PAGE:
In a recent article in its online English-language magazine, ISIS ideologues offered legal justifications for the enslavement of these non-Muslim non-combatants, stating that “enslaving the families of the kuffar [infidels] and taking their women as concubines is a firmly established aspect of the Shariah or Islamic law.”

The article argues, based on a variety of Shariah sources, that ISIS partisans have a religious duty to kill or enslave members of the Yazidi community as part of their struggle [jihad] against their enemies.

This argument is plainly wrong, hypocritical and astonishingly ahistorical, relying on male fantasies inspired by stories from the days of imperial Islam.

It is also an affront to right-thinking Muslims everywhere and a criminal perversion of Islamic law, particularly its primary source, the Glorious Quran.

FULL POST

FULL STORY
Topics: In The News • Voices
October 30th, 2014
11:20 AM ET

'Treated like cattle': Yazidi women sold, raped, enslaved by ISIS

By Ivan Watson

Jana was a 19-year-old in her final year of high school, with dreams of becoming a doctor. Then, ISIS came to her village last August.

She described to me in chilling detail, how the jihadis first demanded that members of her Yazidi religious minority convert to Islam. Then they stripped villagers of their jewelry, money and cellphones. They separated the men from the women.

A United Nations report explained what happened next. ISIS "gathered all the males older than 10 years of age at the local school, took them outside the village by pick-up trucks, and shot them."

Among those believed dead were Jana's father and eldest brother.

A different fate lay in store for the women.

FULL STORY
Topics: In The News • Life In Slavery • Voices
Report shines light on slave labor in U.S.
October 21st, 2014
04:16 PM ET

Report shines light on slave labor in U.S.

They work on U.S. construction sites and farms, in restaurants and hotels, even in homes.

Foreign workers, lured by false promises of good jobs in America, soon find themselves enslaved in plain sight as victims of labor trafficking, according to a new report published by the nonpartisan Urban Institute and Northeastern University.

FULL STORY
Mauritania: Where escaping slavery can be a crime
October 20th, 2014
04:34 PM ET

Mauritania: Where escaping slavery can be a crime

By John D. Sutter

Imagine being rescued from modern slavery, only to be charged with a crime.

That's the apparent reality in Mauritania, the country with the world's highest incidence of modern slavery. Located in West Africa, on the edge of the Sahara Desert, an estimated 4% to 20% of people there remain enslaved. It was the last country in the world to abolish the practice - in 1981. And it only criminalized owning humans in 2007.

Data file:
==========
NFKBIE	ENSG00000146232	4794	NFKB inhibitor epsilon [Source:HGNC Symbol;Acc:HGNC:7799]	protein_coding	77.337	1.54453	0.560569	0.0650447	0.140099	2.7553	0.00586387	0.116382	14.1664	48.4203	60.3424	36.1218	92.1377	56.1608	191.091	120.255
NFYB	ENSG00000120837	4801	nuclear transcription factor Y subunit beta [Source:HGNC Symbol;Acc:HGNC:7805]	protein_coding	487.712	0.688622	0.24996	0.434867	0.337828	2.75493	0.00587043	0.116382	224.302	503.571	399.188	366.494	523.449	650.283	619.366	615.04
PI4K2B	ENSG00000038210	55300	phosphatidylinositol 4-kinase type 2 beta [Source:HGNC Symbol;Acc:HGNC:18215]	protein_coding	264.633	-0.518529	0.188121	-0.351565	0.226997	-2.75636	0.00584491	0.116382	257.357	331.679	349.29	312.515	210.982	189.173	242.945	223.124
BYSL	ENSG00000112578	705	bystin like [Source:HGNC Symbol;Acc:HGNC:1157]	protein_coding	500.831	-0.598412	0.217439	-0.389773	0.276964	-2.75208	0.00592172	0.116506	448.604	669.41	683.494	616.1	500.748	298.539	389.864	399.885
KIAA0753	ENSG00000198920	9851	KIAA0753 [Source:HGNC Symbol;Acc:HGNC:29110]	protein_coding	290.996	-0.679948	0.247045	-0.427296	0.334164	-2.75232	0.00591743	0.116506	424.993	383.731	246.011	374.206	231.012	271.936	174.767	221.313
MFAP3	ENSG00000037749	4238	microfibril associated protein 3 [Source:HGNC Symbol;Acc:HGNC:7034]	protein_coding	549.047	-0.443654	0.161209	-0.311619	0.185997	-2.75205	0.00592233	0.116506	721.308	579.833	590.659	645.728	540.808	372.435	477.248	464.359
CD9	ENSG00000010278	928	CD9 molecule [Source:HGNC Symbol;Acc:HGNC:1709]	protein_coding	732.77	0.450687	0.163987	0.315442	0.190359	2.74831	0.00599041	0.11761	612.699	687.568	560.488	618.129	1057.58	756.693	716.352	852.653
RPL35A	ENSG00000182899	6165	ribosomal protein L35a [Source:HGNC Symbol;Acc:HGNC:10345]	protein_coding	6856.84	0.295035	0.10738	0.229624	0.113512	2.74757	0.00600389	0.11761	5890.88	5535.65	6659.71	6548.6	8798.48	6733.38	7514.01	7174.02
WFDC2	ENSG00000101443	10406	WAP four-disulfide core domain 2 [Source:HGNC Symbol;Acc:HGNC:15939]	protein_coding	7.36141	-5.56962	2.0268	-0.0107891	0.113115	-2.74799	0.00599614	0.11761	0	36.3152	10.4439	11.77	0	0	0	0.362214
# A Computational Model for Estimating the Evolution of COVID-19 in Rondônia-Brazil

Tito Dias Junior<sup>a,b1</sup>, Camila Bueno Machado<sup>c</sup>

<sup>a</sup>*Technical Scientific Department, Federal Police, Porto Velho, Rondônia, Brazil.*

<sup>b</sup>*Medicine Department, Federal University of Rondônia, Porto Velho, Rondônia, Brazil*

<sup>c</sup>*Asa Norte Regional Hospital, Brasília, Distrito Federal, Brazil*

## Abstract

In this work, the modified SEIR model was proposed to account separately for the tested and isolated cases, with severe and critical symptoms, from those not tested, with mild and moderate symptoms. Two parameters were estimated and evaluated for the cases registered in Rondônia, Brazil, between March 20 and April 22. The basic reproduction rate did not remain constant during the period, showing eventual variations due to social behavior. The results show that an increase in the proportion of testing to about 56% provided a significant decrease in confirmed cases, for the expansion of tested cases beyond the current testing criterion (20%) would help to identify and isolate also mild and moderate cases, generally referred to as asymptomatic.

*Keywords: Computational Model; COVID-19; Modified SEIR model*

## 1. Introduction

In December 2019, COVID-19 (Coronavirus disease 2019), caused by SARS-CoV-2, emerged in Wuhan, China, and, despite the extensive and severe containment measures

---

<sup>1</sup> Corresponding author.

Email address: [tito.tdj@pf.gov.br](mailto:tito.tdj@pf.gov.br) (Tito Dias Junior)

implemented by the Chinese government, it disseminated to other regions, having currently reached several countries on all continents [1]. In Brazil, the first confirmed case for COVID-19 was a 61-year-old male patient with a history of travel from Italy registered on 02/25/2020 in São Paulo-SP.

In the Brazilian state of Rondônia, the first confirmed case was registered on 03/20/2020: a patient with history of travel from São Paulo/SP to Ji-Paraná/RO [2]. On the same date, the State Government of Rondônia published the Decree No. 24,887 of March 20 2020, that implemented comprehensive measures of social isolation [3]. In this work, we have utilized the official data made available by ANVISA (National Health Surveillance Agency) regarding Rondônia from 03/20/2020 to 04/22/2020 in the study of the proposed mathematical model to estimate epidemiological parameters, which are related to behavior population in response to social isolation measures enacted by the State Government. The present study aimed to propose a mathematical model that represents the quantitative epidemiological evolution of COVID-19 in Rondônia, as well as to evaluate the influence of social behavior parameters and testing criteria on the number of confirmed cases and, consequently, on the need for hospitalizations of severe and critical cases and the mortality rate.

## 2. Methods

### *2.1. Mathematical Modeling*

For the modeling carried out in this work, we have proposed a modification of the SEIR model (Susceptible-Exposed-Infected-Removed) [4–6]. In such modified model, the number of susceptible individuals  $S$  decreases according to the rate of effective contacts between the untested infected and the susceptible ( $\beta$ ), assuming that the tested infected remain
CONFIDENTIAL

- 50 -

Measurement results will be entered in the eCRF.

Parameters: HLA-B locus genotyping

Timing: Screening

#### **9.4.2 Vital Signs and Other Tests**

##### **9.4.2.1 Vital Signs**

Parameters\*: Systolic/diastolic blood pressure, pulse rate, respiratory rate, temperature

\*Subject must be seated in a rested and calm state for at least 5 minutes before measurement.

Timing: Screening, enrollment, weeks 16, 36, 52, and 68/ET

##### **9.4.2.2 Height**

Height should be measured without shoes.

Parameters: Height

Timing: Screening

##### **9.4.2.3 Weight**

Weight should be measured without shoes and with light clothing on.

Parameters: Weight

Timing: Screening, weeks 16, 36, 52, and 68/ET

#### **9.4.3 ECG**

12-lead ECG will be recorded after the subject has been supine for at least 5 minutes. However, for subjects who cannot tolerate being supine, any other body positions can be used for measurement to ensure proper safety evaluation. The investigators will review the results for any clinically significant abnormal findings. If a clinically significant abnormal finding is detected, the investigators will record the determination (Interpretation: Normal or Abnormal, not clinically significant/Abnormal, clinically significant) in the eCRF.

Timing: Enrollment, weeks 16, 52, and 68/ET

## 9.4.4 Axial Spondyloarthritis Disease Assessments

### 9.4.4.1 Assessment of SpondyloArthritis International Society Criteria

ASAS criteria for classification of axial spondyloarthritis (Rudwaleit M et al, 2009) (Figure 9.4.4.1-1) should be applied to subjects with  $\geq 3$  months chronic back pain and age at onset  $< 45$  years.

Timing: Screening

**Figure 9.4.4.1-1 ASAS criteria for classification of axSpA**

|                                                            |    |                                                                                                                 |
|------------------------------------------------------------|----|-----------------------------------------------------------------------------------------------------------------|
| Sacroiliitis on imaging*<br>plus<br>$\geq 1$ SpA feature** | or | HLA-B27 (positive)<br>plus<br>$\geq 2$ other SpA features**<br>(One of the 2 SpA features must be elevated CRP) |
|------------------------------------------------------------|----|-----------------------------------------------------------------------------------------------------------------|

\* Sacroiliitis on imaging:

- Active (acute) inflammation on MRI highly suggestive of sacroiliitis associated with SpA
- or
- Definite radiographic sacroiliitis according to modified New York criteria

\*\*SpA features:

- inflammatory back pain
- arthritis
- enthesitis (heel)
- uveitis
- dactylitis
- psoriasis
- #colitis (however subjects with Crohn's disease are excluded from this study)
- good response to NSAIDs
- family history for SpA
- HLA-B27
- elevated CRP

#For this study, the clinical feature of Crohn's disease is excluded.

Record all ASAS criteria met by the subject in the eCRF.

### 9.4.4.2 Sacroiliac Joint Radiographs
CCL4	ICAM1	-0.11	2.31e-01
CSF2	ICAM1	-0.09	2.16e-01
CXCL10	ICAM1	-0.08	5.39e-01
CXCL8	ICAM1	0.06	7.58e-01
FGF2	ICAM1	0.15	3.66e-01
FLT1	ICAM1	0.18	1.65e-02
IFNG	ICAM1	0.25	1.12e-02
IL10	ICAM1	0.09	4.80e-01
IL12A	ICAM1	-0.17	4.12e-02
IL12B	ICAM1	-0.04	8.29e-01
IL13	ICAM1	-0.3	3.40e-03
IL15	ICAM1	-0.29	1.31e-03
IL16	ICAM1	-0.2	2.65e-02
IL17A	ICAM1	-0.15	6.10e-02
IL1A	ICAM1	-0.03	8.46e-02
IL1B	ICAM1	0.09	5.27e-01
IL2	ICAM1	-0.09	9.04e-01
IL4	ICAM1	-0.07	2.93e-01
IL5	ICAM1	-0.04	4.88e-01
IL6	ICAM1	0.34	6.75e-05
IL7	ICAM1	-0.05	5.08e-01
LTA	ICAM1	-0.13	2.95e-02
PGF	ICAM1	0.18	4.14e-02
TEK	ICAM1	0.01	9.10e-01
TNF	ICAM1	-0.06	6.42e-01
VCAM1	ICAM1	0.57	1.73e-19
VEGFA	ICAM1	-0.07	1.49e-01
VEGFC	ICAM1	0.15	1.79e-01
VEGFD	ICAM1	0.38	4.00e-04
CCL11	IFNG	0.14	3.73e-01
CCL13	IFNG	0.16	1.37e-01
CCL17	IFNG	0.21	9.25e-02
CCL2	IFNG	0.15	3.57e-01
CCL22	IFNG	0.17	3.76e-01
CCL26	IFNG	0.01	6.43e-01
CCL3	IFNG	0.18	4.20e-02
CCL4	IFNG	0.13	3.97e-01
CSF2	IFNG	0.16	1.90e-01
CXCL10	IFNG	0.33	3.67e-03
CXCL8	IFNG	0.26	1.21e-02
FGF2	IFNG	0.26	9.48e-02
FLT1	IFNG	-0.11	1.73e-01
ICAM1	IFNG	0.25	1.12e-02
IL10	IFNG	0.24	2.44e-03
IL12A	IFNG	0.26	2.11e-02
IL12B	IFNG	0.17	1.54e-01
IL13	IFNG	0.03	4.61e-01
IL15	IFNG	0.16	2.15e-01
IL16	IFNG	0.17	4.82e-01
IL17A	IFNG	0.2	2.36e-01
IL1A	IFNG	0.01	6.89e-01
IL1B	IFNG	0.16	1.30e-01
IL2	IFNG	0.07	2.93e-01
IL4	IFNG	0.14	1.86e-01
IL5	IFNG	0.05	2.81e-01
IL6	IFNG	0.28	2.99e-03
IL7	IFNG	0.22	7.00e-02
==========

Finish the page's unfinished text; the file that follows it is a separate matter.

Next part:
So perhaps this latest news should come as no surprise.

Mbeirika Mint M'bareck, a 15-year-old girl, was rescued from slavery only to be subsequently charged with having sex outside of marriage, according to a letter activists drafted on her behalf. (It is unclear who fathered the child). That crime is potentially punishable by death by stoning, according to an expert I spoke with. The activists planned to send the letter to the country's ministry of justice on Monday.

FULL STORY
Malala Yousafzai and Kailash Satyarthi share Nobel Peace Prize
Pakistan's Malala Yousafzai and India's Kailash Satyarthi both champion children's rights.
October 10th, 2014
11:31 AM ET

Malala Yousafzai and Kailash Satyarthi share Nobel Peace Prize

The Nobel Peace Prize for 2014 is awarded to India's Kailash Satyarthi and Pakistan's Malala Yousafzai for their struggles against the suppression of children and for young people's rights, including the right to education.

Thorbjorn Jagland, chairman of the Norwegian Nobel Committee, said, "Children must go to school, not be financially exploited."

Yousafzai came to global attention after she was shot in the head by the Taliban - two years ago Thursday - for her efforts to promote education for girls in Pakistan. Since then, after recovering from surgery, she has taken her campaign to the world stage, notably with a speech last year at the United Nations.